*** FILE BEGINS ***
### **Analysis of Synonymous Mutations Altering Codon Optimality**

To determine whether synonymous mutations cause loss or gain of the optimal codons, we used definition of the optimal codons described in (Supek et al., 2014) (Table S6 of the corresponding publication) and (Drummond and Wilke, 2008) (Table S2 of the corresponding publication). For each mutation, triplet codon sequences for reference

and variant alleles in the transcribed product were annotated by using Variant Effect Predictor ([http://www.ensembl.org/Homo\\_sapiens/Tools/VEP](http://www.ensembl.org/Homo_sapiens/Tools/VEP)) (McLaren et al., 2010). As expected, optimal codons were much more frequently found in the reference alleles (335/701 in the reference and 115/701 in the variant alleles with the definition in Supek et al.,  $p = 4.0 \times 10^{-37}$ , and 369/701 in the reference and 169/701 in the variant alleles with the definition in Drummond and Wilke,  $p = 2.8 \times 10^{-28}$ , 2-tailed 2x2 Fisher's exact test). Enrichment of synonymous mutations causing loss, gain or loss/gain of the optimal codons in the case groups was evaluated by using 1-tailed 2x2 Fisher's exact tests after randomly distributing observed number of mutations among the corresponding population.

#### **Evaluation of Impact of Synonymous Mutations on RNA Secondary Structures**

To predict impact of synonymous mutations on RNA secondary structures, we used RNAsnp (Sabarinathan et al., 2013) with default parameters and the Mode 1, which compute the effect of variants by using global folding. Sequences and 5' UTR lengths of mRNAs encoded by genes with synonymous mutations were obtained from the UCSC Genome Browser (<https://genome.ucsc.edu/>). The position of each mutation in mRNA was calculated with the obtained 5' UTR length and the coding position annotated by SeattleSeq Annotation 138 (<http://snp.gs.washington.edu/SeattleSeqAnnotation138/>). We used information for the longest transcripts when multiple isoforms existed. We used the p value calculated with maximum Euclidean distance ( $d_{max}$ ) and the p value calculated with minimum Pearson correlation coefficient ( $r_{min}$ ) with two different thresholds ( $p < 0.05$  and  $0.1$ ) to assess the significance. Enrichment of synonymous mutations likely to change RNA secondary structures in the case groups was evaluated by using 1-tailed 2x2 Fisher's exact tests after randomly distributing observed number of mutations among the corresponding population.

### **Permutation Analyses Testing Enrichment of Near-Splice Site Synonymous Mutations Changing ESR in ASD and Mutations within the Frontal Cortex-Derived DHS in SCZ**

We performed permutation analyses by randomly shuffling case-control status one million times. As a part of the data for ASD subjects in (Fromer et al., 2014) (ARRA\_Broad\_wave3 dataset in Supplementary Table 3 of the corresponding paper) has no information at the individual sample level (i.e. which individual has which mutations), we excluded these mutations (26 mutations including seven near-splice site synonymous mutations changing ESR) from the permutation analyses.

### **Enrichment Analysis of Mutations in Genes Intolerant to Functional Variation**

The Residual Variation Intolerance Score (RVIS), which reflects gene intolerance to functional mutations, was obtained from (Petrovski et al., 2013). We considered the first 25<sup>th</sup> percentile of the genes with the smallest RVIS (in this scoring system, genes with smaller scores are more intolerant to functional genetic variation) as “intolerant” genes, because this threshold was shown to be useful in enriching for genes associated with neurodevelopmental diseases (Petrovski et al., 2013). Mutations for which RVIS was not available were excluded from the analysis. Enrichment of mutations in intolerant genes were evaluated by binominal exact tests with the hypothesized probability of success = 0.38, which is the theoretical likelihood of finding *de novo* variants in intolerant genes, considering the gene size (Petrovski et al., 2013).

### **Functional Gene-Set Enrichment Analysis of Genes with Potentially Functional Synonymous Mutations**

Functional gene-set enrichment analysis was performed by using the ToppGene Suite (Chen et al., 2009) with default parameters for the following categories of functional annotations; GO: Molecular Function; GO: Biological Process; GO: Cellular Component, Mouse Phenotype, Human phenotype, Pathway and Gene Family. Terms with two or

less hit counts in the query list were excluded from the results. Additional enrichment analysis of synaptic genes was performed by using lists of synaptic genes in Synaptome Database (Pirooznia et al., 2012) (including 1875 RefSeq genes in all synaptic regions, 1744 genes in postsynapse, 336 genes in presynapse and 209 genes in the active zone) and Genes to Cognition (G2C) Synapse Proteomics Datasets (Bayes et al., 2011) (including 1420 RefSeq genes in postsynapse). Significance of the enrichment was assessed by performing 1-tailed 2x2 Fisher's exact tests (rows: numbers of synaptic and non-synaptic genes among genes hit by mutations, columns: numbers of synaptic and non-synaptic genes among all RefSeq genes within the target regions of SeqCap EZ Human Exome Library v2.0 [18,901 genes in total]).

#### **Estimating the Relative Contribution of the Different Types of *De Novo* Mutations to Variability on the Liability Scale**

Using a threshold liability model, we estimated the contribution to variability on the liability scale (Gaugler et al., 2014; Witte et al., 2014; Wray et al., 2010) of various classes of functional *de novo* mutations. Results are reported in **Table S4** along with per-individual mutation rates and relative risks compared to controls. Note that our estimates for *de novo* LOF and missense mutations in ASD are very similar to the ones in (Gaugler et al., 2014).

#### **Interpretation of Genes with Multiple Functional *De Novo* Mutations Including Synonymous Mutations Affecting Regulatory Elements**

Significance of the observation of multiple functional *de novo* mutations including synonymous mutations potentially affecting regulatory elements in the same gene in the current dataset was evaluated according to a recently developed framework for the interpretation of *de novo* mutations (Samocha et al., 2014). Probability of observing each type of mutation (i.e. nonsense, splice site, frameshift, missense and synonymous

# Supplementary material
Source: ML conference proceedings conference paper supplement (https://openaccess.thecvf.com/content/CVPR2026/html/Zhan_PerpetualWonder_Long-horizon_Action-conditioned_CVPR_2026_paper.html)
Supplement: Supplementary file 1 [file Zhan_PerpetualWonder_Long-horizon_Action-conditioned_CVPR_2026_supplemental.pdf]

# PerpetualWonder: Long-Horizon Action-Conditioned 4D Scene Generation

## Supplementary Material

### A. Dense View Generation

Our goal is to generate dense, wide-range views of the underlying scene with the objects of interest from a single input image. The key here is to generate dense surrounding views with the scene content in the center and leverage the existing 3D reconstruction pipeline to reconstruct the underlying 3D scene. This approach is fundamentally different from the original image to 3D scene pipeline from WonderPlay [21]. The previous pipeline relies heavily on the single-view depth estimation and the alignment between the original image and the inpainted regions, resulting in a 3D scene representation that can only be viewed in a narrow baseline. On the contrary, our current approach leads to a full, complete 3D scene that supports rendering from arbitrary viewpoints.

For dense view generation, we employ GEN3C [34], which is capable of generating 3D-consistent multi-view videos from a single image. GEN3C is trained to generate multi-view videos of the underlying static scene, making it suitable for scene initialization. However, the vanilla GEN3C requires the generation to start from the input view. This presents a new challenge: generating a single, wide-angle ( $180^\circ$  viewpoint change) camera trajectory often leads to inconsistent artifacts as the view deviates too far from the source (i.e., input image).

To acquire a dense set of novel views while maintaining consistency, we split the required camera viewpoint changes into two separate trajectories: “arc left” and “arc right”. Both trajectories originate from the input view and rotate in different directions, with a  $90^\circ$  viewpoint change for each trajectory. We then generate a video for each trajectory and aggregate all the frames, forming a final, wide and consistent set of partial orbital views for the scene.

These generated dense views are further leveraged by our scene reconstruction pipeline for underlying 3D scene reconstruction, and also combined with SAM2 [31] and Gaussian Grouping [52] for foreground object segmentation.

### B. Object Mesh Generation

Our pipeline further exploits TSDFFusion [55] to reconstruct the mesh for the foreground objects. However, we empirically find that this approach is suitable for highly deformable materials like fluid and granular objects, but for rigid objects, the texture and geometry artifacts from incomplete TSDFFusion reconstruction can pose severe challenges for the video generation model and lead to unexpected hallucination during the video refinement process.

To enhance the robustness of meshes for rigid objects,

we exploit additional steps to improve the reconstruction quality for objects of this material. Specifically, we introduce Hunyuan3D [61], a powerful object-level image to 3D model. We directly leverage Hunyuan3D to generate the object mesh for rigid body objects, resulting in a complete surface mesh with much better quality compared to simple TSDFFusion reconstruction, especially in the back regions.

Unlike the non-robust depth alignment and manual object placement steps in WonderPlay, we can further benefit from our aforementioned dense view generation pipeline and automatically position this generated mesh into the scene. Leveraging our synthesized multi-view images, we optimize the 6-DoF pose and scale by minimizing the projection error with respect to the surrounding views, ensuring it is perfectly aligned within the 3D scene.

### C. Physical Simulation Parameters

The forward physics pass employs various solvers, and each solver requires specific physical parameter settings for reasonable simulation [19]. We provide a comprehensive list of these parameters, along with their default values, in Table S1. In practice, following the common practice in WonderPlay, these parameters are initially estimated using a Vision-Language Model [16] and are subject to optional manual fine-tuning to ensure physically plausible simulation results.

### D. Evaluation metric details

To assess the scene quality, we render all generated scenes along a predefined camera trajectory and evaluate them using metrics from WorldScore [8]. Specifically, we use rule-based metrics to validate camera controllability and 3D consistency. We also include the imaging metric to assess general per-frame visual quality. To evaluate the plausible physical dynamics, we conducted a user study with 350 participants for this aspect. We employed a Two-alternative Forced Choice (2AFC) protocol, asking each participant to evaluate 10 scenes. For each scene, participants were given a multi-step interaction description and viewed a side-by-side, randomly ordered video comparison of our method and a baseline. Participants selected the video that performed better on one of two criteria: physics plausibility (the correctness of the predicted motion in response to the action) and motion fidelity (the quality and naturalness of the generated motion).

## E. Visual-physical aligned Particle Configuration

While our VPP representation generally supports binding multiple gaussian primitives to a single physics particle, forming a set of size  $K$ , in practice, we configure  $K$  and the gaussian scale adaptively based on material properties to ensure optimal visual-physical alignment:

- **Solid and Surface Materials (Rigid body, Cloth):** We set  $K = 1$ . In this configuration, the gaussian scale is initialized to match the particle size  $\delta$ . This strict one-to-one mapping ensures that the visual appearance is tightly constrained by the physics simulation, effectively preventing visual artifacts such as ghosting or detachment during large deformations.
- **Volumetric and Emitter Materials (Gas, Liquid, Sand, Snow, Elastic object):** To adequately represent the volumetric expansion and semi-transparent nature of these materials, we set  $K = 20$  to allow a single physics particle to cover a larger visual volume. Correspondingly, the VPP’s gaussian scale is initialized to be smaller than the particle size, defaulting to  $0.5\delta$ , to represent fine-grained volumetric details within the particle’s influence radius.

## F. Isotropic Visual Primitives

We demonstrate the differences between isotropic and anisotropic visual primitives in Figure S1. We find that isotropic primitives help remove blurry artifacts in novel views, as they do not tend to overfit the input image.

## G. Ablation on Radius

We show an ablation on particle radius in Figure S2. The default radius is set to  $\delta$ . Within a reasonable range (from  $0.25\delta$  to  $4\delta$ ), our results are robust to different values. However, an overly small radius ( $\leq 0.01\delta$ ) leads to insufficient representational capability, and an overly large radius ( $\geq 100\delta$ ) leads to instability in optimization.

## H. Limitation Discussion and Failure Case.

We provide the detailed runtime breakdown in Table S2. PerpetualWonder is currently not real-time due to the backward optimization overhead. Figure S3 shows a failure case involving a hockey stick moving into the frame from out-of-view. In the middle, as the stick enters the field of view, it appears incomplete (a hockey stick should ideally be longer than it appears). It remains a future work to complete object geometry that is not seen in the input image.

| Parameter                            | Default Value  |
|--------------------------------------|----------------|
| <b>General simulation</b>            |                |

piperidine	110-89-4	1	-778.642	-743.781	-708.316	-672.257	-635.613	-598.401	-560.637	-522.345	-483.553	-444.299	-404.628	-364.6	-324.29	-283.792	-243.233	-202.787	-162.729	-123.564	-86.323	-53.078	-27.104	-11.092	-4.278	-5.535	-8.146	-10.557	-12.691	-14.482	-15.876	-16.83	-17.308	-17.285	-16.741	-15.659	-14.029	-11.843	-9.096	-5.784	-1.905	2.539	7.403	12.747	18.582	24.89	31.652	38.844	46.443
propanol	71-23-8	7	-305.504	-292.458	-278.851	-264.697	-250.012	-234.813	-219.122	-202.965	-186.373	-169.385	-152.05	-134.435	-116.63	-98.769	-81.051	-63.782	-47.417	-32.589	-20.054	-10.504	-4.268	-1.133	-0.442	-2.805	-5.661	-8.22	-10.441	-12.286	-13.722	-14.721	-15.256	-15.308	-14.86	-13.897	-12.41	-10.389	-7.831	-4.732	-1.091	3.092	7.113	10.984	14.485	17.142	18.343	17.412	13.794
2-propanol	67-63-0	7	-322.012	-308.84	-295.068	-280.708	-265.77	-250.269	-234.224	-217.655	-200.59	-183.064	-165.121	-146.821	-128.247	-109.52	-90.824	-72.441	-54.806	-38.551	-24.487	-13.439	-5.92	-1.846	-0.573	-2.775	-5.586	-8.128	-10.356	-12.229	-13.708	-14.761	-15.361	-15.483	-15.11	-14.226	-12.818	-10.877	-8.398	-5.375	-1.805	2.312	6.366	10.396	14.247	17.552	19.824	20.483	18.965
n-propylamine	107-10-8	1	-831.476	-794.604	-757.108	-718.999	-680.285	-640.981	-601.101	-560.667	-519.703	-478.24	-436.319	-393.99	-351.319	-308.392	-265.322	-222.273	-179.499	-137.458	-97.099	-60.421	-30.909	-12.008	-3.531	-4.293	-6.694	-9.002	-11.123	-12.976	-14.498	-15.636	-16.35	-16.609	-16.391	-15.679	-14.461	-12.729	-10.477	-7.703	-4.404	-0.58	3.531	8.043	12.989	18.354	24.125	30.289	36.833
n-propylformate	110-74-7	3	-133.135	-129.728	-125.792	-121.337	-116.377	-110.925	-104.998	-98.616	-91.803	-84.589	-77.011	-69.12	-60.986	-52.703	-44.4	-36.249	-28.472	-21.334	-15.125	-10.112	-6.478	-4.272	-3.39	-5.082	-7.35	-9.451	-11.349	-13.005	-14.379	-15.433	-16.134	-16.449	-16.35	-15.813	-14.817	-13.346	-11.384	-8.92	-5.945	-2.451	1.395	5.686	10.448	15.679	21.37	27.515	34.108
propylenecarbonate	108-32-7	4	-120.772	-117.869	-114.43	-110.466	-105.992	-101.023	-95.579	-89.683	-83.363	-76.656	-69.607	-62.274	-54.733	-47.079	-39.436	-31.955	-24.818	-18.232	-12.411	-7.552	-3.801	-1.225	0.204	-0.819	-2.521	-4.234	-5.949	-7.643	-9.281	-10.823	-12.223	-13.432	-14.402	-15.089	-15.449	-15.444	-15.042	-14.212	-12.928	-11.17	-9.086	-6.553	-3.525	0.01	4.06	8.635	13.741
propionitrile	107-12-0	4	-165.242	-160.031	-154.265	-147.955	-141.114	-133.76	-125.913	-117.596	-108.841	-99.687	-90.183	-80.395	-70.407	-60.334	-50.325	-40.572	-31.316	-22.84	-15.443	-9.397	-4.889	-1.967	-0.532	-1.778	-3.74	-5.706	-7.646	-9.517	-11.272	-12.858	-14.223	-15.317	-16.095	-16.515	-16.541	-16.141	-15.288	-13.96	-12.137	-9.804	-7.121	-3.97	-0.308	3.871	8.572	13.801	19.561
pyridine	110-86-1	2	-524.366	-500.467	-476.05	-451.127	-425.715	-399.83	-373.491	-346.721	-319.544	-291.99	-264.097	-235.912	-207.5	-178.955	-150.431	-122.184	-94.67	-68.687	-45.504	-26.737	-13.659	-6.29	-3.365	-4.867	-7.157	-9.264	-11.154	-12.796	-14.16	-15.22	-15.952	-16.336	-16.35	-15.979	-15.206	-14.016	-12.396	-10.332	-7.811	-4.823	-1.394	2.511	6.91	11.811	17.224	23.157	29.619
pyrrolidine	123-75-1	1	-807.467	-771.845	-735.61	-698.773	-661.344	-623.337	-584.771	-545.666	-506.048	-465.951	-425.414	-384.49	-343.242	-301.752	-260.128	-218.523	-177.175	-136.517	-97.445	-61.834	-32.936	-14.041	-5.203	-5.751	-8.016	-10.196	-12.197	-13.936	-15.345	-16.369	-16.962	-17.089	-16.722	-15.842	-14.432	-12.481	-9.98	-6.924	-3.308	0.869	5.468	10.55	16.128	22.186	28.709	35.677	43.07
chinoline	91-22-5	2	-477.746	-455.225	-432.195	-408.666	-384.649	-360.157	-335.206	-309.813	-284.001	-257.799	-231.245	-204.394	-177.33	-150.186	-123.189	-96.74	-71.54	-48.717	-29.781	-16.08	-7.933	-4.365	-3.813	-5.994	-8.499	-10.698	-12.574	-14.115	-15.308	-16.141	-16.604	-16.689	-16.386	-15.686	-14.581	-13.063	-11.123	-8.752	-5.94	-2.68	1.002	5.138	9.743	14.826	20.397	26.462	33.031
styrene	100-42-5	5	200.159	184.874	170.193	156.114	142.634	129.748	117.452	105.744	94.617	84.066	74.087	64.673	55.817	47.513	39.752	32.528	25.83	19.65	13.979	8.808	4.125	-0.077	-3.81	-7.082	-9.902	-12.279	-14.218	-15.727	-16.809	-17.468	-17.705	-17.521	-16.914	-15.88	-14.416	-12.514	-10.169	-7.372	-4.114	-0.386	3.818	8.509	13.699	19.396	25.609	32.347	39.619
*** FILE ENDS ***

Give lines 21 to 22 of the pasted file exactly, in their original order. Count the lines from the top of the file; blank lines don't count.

## Supplementary Material

### A. Dense View Generation